Welcome to the tutorial on Python Operator Overloading. As we have already learnt about Python Class, we are going to learn another interesting feature of object oriented python today.

Table of Contents

## Python Operator Overloading

Python Operator overloading enables us to use mathematical, logical and bitwise operators on python objects just like any primitive data type.

For example, you can easily add two numbers 3 and 5 with + operator, i.e 3 + 5. And the result is 8.

But what if you want to add two circles (object of a Circle class) and make a circle having twice the radius? Or what if you want to add two cartesian grid points to yield another point with the same ‘+’ operator? Python operator overloading allows you to perform operations just like those.

### Python Operator Overloading Example

Now, let’s see an example of overloading mathematical operator.

```
class GridPoint: #Line: 1, Declaring a class
def __init__(self, x, y):
self.x = x
self.y = y #Line: 4
def __add__(self, other): # Equivalent of + operator
return GridPoint(self.x + other.x, self.y + other.y)
def __str__(self): #Line: 12, returns the attributes when the object is printed
string = str(self.x)
string = string + ", " + str(self.y)
return string #Line: 12
point1 = GridPoint(3, 5) #Line: 14 Creating a grid point
point2 = GridPoint(-1, 4) #Line: 15, Creating another point
point3 = point1 + point2 #Line: 16, Add two points using __add__() method
print(point3) #Line: 17, Print the attributes using __str__() method
```

Lines 1 to 4 indicates the declaration of the class `GridPoint`

and definition of constructor method. Let’s have a look at lines 6 and 7.

```
def __add__(self, other): # Equivalent of + operator
return GridPoint(self.x + other.x, self.y + other.y)
```

When we use ‘+’ operator as mathematical addition operation, the `__add__()`

method is implicitly called.

So, if we are to add two objects of the class GridPoint, we must re-define this method. So, here we need to create another instance of GridPoint class whose value of x is the summation of x in the two GridPoint instances around the ‘+’ operator and value of y is also the summation of y in the two GridPoint instances around the ‘+’ operator.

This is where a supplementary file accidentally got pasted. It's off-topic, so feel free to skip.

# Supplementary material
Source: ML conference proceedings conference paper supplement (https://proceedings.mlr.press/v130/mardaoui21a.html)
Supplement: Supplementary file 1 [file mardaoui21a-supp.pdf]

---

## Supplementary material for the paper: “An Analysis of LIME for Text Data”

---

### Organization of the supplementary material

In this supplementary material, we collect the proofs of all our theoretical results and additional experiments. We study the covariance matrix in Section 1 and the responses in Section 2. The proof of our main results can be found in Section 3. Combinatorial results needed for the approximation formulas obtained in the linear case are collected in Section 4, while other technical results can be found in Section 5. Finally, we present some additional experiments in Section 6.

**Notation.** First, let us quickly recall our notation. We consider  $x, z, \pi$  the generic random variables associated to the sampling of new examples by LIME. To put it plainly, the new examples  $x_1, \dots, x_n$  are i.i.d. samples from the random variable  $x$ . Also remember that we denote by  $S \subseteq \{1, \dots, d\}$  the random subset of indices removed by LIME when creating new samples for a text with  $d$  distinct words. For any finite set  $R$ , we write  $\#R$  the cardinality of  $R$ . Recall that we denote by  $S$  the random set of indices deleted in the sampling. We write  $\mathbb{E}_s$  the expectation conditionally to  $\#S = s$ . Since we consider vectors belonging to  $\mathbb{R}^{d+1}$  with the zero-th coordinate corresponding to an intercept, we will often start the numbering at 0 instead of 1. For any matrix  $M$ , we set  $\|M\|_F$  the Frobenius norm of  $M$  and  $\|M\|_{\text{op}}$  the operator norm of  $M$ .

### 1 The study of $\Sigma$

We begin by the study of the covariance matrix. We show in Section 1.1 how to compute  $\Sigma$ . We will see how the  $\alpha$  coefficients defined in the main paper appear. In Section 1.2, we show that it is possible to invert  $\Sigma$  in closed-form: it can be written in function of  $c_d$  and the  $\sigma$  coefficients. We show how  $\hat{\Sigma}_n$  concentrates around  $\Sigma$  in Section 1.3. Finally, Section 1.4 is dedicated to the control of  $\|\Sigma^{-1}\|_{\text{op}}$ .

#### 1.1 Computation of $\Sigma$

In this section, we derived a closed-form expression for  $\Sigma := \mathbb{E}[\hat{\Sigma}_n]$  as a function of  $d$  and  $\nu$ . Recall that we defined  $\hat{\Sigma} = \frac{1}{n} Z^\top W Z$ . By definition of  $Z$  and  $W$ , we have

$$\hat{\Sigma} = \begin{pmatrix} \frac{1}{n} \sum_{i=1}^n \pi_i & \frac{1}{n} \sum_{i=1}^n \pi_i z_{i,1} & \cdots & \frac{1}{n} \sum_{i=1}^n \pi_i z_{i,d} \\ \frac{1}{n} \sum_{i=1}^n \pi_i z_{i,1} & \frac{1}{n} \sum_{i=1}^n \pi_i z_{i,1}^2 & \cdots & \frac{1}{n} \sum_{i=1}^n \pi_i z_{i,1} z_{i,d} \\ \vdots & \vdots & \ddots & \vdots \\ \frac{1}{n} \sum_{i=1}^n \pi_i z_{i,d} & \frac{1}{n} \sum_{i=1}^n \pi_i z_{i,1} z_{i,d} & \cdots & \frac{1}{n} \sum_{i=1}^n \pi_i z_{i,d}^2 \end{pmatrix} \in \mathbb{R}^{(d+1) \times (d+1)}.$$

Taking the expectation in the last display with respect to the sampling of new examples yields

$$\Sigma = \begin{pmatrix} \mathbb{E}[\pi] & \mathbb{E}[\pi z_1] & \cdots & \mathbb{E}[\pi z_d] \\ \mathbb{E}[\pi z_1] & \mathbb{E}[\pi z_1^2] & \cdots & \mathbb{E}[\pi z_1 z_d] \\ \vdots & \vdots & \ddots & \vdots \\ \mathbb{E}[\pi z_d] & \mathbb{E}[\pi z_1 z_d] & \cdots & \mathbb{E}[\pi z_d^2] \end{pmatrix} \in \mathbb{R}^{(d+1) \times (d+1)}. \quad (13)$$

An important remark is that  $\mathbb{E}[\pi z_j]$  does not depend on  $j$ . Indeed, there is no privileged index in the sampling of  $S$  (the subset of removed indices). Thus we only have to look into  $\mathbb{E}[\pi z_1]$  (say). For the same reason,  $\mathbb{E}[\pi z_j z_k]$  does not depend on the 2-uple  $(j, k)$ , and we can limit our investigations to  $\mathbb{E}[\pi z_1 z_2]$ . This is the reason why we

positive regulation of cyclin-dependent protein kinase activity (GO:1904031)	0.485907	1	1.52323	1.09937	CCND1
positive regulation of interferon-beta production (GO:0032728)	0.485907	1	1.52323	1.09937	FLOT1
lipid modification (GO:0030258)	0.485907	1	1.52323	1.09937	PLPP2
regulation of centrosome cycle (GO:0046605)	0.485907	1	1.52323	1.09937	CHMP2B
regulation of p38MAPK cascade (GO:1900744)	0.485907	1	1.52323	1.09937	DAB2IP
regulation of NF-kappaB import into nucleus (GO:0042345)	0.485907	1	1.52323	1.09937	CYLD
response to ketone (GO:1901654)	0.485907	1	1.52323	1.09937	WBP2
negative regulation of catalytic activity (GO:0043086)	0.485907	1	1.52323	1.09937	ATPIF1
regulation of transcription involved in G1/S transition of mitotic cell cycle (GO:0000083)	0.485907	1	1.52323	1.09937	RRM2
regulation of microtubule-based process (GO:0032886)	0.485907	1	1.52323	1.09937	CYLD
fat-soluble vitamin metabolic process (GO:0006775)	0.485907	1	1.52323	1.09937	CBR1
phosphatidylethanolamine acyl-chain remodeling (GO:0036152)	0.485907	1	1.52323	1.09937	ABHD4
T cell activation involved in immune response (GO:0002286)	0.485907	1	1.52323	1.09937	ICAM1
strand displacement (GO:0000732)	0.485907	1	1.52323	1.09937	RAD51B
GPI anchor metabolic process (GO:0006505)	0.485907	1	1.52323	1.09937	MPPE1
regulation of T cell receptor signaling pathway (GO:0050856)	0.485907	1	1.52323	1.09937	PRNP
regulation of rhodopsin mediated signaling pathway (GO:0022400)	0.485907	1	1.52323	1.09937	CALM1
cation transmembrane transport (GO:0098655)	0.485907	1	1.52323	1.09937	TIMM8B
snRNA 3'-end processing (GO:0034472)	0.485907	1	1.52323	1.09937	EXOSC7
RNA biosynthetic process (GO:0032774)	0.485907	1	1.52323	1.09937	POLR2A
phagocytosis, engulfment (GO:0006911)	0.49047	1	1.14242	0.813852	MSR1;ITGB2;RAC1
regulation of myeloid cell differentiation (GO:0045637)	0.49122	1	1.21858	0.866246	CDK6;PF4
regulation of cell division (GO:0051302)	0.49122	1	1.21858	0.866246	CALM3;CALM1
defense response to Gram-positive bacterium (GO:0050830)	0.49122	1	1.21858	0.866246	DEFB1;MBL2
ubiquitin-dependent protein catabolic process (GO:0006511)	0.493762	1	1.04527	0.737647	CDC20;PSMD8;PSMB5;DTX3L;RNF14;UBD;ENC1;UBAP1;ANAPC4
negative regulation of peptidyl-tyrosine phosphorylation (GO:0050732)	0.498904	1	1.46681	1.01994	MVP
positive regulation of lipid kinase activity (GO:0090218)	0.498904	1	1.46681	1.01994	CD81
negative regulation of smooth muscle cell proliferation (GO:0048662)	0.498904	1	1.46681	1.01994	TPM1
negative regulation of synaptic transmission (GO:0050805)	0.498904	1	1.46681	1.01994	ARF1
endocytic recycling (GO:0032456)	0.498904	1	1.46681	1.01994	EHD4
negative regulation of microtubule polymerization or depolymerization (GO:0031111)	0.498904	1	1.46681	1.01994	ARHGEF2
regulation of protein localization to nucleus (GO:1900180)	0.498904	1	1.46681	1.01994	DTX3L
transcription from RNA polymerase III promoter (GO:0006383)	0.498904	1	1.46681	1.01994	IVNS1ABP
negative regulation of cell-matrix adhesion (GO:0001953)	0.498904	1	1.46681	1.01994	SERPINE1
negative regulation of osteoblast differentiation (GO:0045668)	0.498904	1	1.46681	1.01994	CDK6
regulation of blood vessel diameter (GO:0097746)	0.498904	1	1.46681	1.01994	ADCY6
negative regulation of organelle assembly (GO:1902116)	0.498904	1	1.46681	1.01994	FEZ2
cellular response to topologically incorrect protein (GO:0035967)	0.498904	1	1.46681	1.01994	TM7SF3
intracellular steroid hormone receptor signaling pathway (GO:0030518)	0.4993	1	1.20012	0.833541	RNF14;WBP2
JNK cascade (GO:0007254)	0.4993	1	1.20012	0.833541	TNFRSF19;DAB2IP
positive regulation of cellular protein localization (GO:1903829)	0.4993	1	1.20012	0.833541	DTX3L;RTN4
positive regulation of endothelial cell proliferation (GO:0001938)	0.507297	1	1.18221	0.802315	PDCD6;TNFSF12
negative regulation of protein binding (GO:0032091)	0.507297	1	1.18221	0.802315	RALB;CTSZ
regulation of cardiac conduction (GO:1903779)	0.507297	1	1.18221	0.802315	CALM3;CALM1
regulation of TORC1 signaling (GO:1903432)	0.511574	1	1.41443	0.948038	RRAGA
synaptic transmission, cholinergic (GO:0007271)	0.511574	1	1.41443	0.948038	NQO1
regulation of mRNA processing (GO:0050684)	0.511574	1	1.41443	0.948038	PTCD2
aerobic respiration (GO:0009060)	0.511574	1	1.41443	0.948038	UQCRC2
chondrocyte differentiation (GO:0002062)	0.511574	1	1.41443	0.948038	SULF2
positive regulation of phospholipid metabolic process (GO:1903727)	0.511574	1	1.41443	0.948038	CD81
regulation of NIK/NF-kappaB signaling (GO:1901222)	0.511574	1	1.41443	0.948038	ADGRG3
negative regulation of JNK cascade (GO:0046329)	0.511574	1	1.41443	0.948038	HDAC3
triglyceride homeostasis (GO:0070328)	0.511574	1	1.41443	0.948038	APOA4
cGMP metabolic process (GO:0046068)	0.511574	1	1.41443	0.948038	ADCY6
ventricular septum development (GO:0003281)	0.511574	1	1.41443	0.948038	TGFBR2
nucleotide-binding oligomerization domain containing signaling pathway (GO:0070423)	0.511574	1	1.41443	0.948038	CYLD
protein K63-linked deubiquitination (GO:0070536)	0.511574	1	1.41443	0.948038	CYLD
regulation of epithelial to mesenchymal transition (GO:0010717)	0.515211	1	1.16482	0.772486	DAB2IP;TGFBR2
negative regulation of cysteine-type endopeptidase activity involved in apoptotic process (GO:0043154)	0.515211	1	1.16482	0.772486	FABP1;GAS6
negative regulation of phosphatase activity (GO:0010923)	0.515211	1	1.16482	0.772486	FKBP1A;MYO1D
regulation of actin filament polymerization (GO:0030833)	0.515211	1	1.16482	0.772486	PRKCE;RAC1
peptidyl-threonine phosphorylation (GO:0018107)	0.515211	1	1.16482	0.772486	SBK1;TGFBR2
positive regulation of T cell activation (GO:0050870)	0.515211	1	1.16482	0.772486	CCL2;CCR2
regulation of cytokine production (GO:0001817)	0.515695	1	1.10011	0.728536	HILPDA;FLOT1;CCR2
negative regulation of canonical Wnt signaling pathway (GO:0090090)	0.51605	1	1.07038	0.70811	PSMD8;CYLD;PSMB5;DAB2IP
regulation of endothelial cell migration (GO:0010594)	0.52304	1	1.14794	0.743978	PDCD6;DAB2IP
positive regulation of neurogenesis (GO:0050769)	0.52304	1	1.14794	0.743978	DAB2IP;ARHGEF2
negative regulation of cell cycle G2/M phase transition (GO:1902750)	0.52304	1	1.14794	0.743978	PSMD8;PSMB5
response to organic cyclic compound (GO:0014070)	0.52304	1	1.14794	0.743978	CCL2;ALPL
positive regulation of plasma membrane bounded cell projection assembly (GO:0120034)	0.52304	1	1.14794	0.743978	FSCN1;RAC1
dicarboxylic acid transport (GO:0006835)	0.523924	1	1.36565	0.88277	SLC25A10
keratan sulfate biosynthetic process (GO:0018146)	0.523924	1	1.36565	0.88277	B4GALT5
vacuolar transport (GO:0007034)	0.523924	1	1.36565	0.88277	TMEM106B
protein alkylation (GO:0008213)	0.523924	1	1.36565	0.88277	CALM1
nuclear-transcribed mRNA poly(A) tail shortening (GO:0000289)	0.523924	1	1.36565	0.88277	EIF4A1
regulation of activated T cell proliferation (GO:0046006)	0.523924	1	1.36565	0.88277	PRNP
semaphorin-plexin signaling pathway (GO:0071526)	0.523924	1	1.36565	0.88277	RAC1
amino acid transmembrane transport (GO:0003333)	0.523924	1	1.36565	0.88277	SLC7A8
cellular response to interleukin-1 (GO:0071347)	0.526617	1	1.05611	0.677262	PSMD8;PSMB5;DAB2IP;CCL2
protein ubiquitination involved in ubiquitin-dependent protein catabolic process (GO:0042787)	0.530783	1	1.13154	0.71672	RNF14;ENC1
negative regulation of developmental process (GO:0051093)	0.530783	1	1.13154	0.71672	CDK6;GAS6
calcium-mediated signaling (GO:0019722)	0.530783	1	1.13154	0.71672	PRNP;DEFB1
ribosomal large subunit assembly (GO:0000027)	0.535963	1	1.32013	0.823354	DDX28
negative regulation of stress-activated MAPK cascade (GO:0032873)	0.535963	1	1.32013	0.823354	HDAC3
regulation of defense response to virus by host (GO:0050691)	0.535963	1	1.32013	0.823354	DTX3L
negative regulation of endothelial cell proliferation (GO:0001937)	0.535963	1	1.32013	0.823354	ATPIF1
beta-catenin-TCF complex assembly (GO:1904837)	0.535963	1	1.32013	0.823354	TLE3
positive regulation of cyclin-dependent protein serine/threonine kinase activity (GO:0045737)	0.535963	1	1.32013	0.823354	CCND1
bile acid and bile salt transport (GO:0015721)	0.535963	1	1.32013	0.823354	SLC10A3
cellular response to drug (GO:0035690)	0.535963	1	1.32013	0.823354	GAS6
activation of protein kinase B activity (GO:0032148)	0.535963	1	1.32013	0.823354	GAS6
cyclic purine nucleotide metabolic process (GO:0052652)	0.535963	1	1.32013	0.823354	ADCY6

Lines 9 to 12 defines the `__str__()`

method which is called when we try to print the object. That’s also a built in method. But we are going to overload the method so that it prints in our specified format.

Lines 14 and 15, we’ve created two objects of GridPoint, namely point1 and point2. Now, watch Line 16. Two instances of the class GridPoint class are added using ‘+’ operator and assigned as another instance of GridPoint. Python operator overloading helps you do this. So, don’t get surprised when the 17th line shows an output like below image.

### List of Mathematical Operators

Here is a list of operators which can be overloaded and used with python operator overloading in a similar way.

Operator | Description | Method |

+ | Addition | __add__(self, other) |

– | Subtraction | __sub__(self, other) |

* | Multiplication | __mul__(self, other) |

/ | True Division | __truediv__(self, other) |

// | Floor Division | __floordiv__(self, other) |

% | Remainder | __mod__(self, other) |

** | Power | __pow__(self, other) |

& | Bitwise AND | __and__(self, other) |

| | Bitwise OR | __or__(self, other) |

^ | Bitwise XOR | __xor__(self, other) |

### Overloading Relational Operators in Python

Relational operators are overloaded in a very similar way in python. But the difference is, those operators often return true/false instead of another instance of the object. Let’s work with an example.

```
class GridPoint:
def __init__(self, x, y):
self.x = x
self.y = y
def __gt__(self, other): # Overloading the greater than operator
return self.x > other.x
# Returns true if value of x in the left operand is greater than that in the right one. Returns false otherwise
def __str__(self):
string = str(self.x)
string = string + ", " + str(self.y)
return string
point1 = GridPoint(3, 5)
point2 = GridPoint(-1, 4)
if point1 > point2: # Compares with the overloaded __gt__() method
print('point1 is greater than point2')
else:
print('point1 is not greater than point2')
```

Look at line 6, where the ‘greater than’ operator has been loaded. The conventional ‘>’ operator returns true if the operand in the left side of it is greater than the right one. We are going to use this property to compare two instances of class GridPoint.

Then in line 17, we are comparing the objects of the class GridPoint to obtain a boolean type value which will determine whether the first object has the greater value of ‘x’. In this case, the relational operator returns true as 3 is greater than -1. As a result the program prints ‘point1 is greater than point2’.

### More Relational Operators in python

Here is a list of relational operators that can be overloaded in the same way.

Operator | Description | Method |

> | Greater than | __gt__(self, other) |

>= | Greater than or equal to | __ge__(self, other) |

< | Less than | __lt__(self, other) |

<= | Less than or equal to | __le__(self, other) |

== | Equal to | __eq__(self, other) |

!= | Not equal to | __ne__(self, other) |

That’s all for today about operator overloading in python. Hope to be with you with more tutorials very soon.

Happy Coding!

Reference: Python.org Docs

In first example after adding 3,5 & 1,4

shouldn’t output be 4,9 instead of 2,9?